As Syria Moves Toward Idlib, Potential for Clash With Turkey Becomes Real – Will Russia, NATO Be Involved?

Turkey has called on Syria, Russia to cease their offensive into Syria's Idlib province where Turkey has some troops in territory under control of Turkey-friendly Islamists.

After the defeat of ISIS and the liberation of Deir ez Zour, the Syrian military is now setting its sights on the terrorist capitol of Idlib. While maintaining a sizable terrorist presence since the beginning of the conflict, various cease-fire agreements have seen terrorists shipped from cities and towns from all across the country into the city and province of Idlib. As a result, a massive concentration of terrorists now populate the area and thus, Idlib represents the last major battle to eliminate Islamic extremist terrorists from Syria (not counting the Kurdish extremists in the north and northeast).

Indeed, in the last several weeks, the Syrian military has launched a large number of successful operations in the province of Idlib, liberating nearly fifty villages and towns. Terrorist infighting has also helped the Syrian government’s operations since, given the nature of extremists, many of these groups have been battling one another over the course of the last few years.

But as the Syrian military closes in on terrorists in Idlib, there is another enemy openly embedded in the area that presents the possibility of a wider war and greater conflict if the two forces meet.

The Turkish military deployed troops to Idlib last October, allegedly as part of an agreement with Russia and Iran to “enforce de-escalation zones” in the area, but, in reality, it is more of a defensive measure against Kurdish extremists. It was also clearly an attempt to annex more territory from Syria and to shore up the terrorists Turkey has been supporting since day one in the Syrian crisis.

As Reuters reported in October, 2017

A first convoy of the military operation that Turkey is carrying out in Syria’s Idlib province crossed into the area late on Thursday, two rebels and a witness said.

The convoy included about 30 military vehicles, said Abu Khairo, a commander in a Free Syrian Army (FSA) rebel group based in the area, and it entered Syria near the Bab al-Hawa border crossing, according to a civilian witness.

It was heading to Sheikh Barakat, a hilltop that overlooks large areas of rebel-held northwestern Syria, but also the Afrin area held by the Kurdish YPG militia.

The convoy was escorted by fighters from Tahrir al-Sham, an alliance of jihadist groups including the former al Qaeda affiliate previously known as the Nusra Front, Abu Khairo said.

“The Turkish army convoy is entering under the protection of Tahrir al-Sham to take positions on the front line with the YPG,” another FSA official in the area said.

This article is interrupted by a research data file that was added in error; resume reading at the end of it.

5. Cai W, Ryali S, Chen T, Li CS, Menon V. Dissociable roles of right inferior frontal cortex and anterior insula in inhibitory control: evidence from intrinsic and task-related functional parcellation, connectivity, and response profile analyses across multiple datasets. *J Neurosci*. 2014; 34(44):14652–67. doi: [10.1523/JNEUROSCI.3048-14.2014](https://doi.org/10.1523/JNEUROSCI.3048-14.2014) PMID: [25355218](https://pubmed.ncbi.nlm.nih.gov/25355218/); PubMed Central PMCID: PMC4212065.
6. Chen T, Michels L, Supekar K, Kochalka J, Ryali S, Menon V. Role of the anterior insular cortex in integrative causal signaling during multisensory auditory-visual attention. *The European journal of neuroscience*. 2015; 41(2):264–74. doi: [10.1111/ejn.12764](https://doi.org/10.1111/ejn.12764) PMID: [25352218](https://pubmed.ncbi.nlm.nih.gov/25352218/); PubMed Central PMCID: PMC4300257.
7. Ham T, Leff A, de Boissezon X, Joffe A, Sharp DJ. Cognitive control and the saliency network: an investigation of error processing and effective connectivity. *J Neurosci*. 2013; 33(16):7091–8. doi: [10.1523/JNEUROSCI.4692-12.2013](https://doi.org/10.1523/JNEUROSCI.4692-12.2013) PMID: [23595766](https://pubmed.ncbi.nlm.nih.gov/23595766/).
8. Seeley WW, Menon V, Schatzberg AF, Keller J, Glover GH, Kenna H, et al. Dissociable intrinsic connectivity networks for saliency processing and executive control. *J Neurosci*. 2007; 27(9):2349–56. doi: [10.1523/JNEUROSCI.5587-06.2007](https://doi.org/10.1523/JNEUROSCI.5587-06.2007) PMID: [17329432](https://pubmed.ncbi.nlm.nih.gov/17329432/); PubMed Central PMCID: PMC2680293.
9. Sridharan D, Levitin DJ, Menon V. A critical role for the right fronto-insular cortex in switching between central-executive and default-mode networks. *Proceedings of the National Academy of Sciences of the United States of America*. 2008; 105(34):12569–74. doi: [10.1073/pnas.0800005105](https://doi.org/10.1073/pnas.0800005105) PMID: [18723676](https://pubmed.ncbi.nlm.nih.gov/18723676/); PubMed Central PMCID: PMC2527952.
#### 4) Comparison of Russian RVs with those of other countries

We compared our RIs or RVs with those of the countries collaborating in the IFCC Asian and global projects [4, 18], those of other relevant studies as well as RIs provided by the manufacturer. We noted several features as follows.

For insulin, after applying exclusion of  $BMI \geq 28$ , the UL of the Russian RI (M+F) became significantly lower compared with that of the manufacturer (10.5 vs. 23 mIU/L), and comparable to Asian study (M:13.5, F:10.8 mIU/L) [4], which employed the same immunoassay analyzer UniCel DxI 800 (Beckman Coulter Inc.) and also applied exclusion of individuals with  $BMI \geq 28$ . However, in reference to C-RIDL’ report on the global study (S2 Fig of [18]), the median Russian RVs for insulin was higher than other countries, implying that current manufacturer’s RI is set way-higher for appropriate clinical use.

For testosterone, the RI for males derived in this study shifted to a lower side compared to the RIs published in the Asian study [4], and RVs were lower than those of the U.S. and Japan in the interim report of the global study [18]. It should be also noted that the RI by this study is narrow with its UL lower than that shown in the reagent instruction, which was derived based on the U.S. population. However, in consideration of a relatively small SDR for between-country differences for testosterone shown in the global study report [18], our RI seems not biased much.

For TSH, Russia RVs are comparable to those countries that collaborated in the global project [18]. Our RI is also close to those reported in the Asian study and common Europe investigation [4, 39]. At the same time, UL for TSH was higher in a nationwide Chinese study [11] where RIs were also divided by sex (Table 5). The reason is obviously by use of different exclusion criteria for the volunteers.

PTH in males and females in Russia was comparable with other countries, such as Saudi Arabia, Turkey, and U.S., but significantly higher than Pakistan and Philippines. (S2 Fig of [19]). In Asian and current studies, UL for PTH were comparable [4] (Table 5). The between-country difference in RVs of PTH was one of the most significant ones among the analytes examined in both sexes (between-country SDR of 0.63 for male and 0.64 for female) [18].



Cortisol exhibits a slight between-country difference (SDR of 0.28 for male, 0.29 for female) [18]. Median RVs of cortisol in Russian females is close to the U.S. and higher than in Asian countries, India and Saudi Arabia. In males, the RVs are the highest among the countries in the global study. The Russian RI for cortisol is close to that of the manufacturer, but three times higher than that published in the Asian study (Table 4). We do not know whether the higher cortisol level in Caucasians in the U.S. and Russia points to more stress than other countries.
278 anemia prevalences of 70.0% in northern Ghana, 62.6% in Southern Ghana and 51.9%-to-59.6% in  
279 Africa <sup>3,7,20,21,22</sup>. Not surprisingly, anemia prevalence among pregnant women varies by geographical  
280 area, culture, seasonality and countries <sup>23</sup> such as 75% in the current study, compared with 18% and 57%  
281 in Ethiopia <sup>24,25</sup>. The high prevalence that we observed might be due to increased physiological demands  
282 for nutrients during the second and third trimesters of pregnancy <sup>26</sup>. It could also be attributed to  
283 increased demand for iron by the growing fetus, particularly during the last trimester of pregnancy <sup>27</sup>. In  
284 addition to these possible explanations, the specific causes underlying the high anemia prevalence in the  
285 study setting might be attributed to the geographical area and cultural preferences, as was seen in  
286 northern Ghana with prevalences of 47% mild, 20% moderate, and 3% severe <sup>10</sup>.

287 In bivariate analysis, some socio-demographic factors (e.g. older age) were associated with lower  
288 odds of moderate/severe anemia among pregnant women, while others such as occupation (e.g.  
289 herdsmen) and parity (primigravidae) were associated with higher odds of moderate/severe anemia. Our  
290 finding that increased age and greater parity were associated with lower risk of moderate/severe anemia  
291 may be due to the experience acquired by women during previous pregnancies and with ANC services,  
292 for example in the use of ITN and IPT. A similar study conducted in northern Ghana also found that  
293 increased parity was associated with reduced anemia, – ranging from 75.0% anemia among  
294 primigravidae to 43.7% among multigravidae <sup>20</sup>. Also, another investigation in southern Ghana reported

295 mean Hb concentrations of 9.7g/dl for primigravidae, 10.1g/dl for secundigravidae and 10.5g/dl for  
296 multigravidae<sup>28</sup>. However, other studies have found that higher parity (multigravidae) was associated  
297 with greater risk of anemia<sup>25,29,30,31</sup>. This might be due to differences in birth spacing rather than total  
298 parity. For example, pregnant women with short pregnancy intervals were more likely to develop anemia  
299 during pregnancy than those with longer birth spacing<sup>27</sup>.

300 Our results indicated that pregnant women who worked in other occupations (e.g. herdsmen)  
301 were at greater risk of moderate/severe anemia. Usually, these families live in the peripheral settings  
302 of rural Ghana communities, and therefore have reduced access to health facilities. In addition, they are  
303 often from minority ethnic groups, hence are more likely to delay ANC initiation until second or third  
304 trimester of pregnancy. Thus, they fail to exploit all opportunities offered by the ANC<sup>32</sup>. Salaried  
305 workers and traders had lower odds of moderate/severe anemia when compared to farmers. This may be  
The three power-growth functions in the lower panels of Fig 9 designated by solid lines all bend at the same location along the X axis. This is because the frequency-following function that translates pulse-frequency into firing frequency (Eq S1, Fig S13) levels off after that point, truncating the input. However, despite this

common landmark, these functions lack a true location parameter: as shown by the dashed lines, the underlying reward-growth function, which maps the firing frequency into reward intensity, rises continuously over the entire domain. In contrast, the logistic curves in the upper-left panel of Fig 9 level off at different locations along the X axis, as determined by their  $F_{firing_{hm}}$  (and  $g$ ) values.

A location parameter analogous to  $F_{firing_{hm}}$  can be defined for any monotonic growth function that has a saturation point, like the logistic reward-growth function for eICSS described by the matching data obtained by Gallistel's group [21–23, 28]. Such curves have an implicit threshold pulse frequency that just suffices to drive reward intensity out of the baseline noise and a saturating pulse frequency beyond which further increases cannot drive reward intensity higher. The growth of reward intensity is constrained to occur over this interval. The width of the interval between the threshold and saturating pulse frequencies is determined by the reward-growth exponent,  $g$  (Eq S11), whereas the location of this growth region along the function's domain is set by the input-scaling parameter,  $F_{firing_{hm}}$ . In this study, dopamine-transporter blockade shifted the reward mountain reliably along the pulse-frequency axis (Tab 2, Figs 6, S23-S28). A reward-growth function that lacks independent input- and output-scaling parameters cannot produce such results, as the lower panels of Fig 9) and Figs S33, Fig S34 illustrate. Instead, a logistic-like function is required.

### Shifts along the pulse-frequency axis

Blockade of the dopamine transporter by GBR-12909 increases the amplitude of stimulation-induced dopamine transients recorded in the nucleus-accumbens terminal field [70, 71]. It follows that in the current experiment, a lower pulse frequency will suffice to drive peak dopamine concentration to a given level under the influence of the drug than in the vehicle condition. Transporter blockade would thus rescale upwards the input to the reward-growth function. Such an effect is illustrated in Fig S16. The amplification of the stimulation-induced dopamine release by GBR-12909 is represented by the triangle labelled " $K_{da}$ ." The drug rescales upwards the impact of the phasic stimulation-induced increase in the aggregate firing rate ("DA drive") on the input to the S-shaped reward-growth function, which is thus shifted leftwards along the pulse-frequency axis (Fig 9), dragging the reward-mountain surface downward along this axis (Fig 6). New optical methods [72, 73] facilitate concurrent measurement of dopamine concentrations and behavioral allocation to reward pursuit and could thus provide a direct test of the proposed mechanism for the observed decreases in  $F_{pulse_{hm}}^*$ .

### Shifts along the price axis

Turkey said on Saturday it was carrying out a military operation in Idlib and surrounding areas as part of a deal it reached with Russia and Iran last month to enforce a “de-escalation” zone in northwest Syria.

The zone is one of several set up around Syria to reduce warfare between rebels, including groups backed by Turkey, and the government, which is supported by both Russia and Iran.

UPI News explains the agreement further by reporting,

Last September, the plan for Idlib was altered by the Russians, at An­kara’s request. Turkish President Recep Tayyip Erdogan had been wanting to send troops to the coun­tryside of Damascus and Aleppo, arguing that they could monitor the cease-fire and serve as a buffer be­tween warring factions. This would give Erdogan a permanent foot­hold in Syrian territory, under the umbrella of the Russian-imposed cease-fire.

The idea, however, was rejected by the Iranians, who vowed never to give the Turks what they had been denied after opposition forces had refused to accept Iranian peace­keeping troops in Ghouta, the agri­cultural belt surrounding Damas­cus.

Tehran agreed to look the other way as Erdogan’s forces marched into Idlib province, which borders Turkey, if the Turkish president signed off on increasing Iranian troops around Damascus. The Turk­ish military move was positioned as part of the international peace-keep­ing forces mandated by the Astana process.

As illegal as it may be for the Turks to be setting up shop in Syria, the fact is they are there and the Syrian military is marching steadily toward those positions. Keep in mind that the Syrian President has already promised to liberate every inch of Syria from all invading forces.

This presents a major military question. Once the Syrian military reaches the positions held by the Turkish military, will it continue its push and clash with Turkey? Will Turkey withdraw as Syria pushes forward? Will Syria and Turkey negotiate an exit for the Turkish troops? Will Syria stop short of liberating areas with deployed Turkish military personnel? Have the Russians agreed to partition Syria? Are there other unforeseen agendas afoot?

And what happens if Turkey and Syria clash? Turkey is a member of NATO and, if the two engage a direct clash, it could be argued that the NATO treaty could be invoked and NATO forces might then attempt to move against the Syrian government. Russia, too, would have decisions to make if a conflict were to break out between Syria and Turkey. Would Russia continue to back Syria and risk being drawn into a wider (or massive) military confrontation with Turkey and/or NATO? Likewise, Iran and Hezbollah would also be drawn into the military mix.

At this point, we can only wait and see what course the new military operations take. However, for the sake of everyone in the region and for the sake of the rest of the world, the Turks must leave Syrian territory immediately and cease all support being provided to terrorists crossing the Turk/Syria border and those that currently reside in Syria.

Source: Activist Post